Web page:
When Alexia Jankowski and her partner Ben Whitaker decided to build a low impact house in the hills, they turned to hemp – and hope that one day their “very alternative construction product” will be seen mainstream.
The Western Australian couple built the three-bedroom home on a five-acre block of bush in Kronkup, 30 kilometers west of Albany.
They say that hemp, a herbal product, has been used as a building material in numerous countries for thousands of years, but it’s relatively uncommon in Australia.
Ms. Jankowski, an environmental scientist, said her goal is to build a house that will pollute the environment as little as possible.
Owners say their hemp house gets stronger as they age (delivery: Alexia Jankowski)
“”[Hemp] is an amazing insulator, fireproof, termite proof, and also absorbs water vapor so that mold or moisture won’t build up in your home, “she said.
“Over the life of a building, it actually gets stronger. It feels like it’s turning to stone.”
The couple’s house is also solar passive. Windows, walls and floors are used to collect, store, reflect and distribute solar energy in the form of heat in the winter months and to deflect heat in the summer.
Alexia Jankowski, in her new home, says the cost of building a hemp house will go down as more people use the product. (ABC Great Southern: Tom Edwards)
The couple gets handy with building
Most of the couple’s hemp came from remnants of the DecoVillage residential project in Denmark.
The hemp was mixed with lime and water to form hemp concrete blocks from which the walls of the house were then made.
The couple camped on the bush block with its spectacular views for years before building their dream home. (Supplied: Alexia Jankowski)
Margaret River builder Brendan Kelly put the slab down and erected the wooden frame, hemp walls and roof. Mrs. Jankowski and Mr. Whitaker did the rest.
“When it was the middle of winter and we camped in the cold, compacting sand for the fifth week in a row, we definitely asked ourselves whether it was worth it,” said Ms. Jankowski.
“But standing here now, enjoying the view and seeing everything that we designed and imagined was definitely worth it.”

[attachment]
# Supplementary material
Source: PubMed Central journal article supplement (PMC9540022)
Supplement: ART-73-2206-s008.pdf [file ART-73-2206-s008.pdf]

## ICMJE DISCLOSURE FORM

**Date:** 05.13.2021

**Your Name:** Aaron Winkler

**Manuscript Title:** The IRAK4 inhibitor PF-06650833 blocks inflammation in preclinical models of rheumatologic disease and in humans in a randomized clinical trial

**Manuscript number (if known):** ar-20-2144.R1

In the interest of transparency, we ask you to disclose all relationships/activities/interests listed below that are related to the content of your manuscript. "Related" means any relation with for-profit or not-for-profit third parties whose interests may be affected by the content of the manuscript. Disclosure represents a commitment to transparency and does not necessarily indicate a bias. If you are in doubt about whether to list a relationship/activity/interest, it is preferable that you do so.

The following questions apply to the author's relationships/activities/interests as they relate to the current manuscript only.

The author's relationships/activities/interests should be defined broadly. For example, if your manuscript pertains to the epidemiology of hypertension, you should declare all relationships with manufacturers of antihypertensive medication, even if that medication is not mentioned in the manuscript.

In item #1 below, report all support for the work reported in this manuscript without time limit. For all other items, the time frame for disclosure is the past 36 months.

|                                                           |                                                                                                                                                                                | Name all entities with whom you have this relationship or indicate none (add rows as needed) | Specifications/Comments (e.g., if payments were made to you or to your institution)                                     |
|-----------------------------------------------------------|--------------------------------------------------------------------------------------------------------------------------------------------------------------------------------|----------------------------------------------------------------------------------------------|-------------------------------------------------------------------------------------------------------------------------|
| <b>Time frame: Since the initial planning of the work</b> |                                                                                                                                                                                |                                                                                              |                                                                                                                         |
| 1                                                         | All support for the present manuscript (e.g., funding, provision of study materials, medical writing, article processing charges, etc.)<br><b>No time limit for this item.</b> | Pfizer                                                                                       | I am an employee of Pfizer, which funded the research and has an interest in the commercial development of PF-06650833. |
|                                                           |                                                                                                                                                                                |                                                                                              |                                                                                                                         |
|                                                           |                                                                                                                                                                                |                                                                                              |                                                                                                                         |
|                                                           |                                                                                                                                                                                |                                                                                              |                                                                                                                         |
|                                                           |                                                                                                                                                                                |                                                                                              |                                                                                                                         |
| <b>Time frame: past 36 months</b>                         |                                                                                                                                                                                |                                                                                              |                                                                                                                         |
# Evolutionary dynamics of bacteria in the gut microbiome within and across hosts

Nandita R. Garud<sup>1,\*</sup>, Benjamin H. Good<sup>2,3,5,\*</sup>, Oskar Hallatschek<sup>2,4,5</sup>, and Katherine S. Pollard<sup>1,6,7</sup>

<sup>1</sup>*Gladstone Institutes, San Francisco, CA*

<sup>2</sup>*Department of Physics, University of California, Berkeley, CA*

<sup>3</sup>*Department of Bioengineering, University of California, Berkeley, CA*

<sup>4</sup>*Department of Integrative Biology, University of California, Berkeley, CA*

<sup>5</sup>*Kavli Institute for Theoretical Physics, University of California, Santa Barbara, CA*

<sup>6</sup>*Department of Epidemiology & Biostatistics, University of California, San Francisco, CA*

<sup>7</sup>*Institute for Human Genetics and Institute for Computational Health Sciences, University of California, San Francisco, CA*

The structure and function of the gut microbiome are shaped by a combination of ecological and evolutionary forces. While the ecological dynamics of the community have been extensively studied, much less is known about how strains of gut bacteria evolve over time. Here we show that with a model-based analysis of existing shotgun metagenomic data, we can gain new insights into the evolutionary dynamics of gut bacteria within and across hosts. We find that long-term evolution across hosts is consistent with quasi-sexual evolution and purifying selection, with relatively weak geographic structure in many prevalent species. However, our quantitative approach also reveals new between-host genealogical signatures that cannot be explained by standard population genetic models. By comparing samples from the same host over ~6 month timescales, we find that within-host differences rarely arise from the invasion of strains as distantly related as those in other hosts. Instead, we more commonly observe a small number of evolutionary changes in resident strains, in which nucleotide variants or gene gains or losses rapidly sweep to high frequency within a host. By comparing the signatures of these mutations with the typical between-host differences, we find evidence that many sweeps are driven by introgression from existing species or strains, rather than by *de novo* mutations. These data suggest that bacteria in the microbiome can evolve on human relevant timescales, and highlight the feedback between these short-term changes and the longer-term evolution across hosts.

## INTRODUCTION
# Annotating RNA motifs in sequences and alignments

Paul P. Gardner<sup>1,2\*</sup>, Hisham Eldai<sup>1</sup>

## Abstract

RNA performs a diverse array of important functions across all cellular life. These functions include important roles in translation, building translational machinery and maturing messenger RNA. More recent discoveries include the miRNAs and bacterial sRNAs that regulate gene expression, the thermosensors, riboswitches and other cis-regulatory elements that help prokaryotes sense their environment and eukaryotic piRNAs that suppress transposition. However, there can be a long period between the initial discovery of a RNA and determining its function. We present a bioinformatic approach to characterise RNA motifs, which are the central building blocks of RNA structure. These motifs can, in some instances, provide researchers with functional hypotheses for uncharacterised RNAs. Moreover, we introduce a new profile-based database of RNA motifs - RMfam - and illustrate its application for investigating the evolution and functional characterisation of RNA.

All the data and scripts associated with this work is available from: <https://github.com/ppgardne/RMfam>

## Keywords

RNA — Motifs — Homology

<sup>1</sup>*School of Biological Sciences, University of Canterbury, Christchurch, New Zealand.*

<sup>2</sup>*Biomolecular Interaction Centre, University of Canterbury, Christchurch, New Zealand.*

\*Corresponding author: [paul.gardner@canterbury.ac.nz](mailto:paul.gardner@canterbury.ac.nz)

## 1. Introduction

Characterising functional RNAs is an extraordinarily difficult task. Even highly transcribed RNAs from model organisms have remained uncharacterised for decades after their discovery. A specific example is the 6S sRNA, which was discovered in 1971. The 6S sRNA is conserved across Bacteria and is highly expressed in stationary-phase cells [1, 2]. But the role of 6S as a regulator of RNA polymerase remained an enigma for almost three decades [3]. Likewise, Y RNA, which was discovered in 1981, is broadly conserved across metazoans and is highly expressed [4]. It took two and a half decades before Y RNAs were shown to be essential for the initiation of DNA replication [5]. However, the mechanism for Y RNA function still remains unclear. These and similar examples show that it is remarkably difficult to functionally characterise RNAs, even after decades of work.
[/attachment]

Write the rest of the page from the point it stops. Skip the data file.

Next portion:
Camping on the bush block at any time of the year was “definitely worth it,” says Ms. Jankowski. (Supplied: Alexia Jankowski)
A budget friendly choice
The polished concrete floor is adorned with stones, shells, and even sperm whale teeth to add character. (Delivery: Alexia Jankowski)
For a building made of natural materials, the hemp house is surprisingly minimalist and modern.
A polished concrete floor is adorned with rainbow stones, seashells, and even sperm whale teeth to give it a unique character.
The interior walls have been left as exposed hemp and are cross-sections of marriages.
“People may see hemp as a very alternative building product, but it doesn’t have to be that way,” said Ms. Jankowski.
“Having a house that looks really modern can be a budget-friendly choice … It’s not just hippie.”
Do you want more local news? Sign up for the Great Southern Weekly newsletter. Margaret River builder Brendan Kelly (right) with Alexia Jankowski and Ben Whitaker during the construction process. (Supplied: Alexia Jankowski)
Hemp becomes “cheaper”
Ms. Jankowski said the total cost of construction was about $ 300,000, which put it in the ballpark of traditional construction products like double bricks.
However, she admitted that they had cut costs by building much of the house themselves.
“If anyone is researching the idea of an alternative construction product, they should definitely be looking into it [hemp],” She said.
“There are a lot of builders out there dealing with hemp in panels which can speed up the process and make the work less intense.
“More people are building hemp houses every year and I’m sure it will only get cheaper and more accessible.”
Ms. Jankowski says hemp houses are budget-friendly and should become cheaper when more builders come on board. (Supplied: Alexia Jankowski)